Say you’re out fishing at your favorite honey hole. You feel the quivering touch of a few tugs on the line, set the hook, and reel up what you think might be a deliciously fat perch.
What you land is actually a giant goldfish.
What the what?
Wacky as it sounds, this actually happened to an angler two years back on Lake St. Clair, Mich.. Detroit's NBC reported the goldfish weighed in at a whopping three pounds and was about 15 inches from lips to tailfin. As the surprised angler put it, “Um, definitely not a perch.”
When you think of goldfish, what comes to mind? Their raw-boned toughness? Their cutting competition? Their fierce capacity for growth and domination?
Or their vapid expressions and supposed contentedness with staring at the same glass wall for hours at a time?
For most people, it’s the later—but then you’d all be wrong.
Did you know that goldfish growing to such behemoth proportions in the wild is not only not rare, but becoming increasingly common? Aquatic Invasive Species Coordinator at Alberta Environment and Parks Kate Wilson told The Washington Post, "Their size is limited in the tank, but when you release it into the wild, that doesn't exist anymore.”
The Washington Post points out that this is actually posing ecological risks to native species as more and more of these fish bowl pets get tossed into ponds and lakes and start growing. Able to endure cold winter temperatures in places as far north as Canada and packing on enough pounds to become serious competition, some places are having to directly step in and try to reduce the damage that the massing of these brilliant and surprisingly durable fish are causing in their natural waterways.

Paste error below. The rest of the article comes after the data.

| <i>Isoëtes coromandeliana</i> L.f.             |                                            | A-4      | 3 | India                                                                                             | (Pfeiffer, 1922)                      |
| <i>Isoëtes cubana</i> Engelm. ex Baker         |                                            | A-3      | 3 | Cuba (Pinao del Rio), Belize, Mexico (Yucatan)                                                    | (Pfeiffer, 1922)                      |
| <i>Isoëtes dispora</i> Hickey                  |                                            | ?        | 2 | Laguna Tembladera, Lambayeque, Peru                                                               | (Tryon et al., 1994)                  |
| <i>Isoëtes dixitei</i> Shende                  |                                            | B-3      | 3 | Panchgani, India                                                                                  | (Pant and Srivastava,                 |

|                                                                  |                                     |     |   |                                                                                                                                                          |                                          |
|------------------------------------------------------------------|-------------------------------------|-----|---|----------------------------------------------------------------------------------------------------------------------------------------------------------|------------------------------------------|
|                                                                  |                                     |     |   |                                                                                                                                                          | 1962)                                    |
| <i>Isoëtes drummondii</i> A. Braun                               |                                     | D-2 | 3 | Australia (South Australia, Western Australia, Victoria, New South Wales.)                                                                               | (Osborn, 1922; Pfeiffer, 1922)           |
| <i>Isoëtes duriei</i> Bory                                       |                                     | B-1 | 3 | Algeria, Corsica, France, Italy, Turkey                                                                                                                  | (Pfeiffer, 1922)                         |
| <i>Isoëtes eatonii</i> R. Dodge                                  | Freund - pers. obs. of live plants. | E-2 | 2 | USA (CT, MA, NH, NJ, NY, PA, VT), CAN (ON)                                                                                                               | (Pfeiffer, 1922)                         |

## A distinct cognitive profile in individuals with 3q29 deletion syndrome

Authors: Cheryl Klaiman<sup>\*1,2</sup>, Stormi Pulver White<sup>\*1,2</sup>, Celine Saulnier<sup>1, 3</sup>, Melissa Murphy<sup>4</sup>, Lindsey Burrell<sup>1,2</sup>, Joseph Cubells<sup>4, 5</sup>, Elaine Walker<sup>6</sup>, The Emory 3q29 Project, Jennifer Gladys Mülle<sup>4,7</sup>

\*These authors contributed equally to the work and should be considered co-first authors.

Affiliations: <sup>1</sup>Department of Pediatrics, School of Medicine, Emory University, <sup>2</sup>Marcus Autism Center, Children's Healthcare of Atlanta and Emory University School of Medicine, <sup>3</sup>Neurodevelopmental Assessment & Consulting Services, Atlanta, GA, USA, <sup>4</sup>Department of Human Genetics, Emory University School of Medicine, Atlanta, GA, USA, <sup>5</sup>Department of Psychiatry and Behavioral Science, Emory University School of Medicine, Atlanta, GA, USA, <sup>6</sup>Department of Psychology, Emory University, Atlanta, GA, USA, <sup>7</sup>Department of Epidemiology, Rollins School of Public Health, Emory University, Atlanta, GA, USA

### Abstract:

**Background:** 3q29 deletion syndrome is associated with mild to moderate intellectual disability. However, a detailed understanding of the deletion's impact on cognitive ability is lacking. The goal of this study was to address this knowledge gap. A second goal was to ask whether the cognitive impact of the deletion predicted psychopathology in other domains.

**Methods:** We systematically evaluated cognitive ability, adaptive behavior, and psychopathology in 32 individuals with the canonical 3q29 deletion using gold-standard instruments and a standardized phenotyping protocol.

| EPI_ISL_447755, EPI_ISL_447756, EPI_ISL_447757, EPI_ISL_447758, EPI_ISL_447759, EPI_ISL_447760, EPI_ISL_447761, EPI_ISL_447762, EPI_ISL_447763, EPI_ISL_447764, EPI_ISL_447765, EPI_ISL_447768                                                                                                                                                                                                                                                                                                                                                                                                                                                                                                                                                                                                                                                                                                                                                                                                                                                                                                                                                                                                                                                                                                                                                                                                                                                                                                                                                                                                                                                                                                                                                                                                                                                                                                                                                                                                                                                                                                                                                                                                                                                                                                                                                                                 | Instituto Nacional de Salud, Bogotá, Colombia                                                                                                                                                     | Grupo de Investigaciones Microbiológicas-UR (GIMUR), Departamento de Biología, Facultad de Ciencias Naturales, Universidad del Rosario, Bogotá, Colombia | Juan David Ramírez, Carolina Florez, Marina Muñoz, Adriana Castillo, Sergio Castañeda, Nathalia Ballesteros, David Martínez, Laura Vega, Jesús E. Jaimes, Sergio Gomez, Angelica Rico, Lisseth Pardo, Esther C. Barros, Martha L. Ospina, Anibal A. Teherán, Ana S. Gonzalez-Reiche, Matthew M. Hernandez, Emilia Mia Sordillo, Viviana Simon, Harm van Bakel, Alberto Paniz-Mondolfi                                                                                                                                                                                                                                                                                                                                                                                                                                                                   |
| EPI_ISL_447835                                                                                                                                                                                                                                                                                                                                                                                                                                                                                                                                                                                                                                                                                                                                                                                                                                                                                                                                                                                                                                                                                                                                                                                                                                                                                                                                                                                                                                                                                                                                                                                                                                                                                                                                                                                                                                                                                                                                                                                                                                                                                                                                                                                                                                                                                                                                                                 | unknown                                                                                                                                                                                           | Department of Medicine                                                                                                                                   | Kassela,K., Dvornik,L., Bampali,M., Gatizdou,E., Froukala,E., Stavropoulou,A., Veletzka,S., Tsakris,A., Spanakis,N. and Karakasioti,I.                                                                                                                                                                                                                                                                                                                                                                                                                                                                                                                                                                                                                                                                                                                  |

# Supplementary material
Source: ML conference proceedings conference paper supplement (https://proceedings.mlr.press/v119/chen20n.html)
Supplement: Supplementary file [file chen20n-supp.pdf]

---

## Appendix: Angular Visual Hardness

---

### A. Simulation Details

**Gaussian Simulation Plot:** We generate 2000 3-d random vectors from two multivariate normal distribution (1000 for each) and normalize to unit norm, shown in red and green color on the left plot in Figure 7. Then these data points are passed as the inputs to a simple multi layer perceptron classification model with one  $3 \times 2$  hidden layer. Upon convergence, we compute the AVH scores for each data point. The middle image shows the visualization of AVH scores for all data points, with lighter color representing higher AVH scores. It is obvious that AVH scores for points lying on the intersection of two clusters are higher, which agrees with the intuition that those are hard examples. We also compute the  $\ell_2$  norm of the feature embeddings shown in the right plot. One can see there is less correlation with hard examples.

Detroit's NBC said that the angler who hooked the goldfish commented, "Everybody wants to just dump them out ... and let them be free, and this is what they turn into."
A wall-mount-worthy goldfish.
Keeping aware of ways to better treat our waterways is something we houseboaters hold dear to our hearts, and this is one way to do just that. On a smaller note beyond the important moral ramifications of this trend, as exciting as hooking a huge goldie is, it’s not exactly what we hit the lakes and rivers for, is it?
If you’re a goldfish owner or know someone who is, make sure to ditch Plan A of leaving them in the wild and instead get ahold of your nearest pet store to see if they’re interested in a free addition to their tanks (it’s a good bet they are). You could also sell them on places like Craigslist.com or give them to a friend who wants them and would take care of them. Any of these options is more responsible and beneficial—to the fish and to the environment—than releasing them into the wild.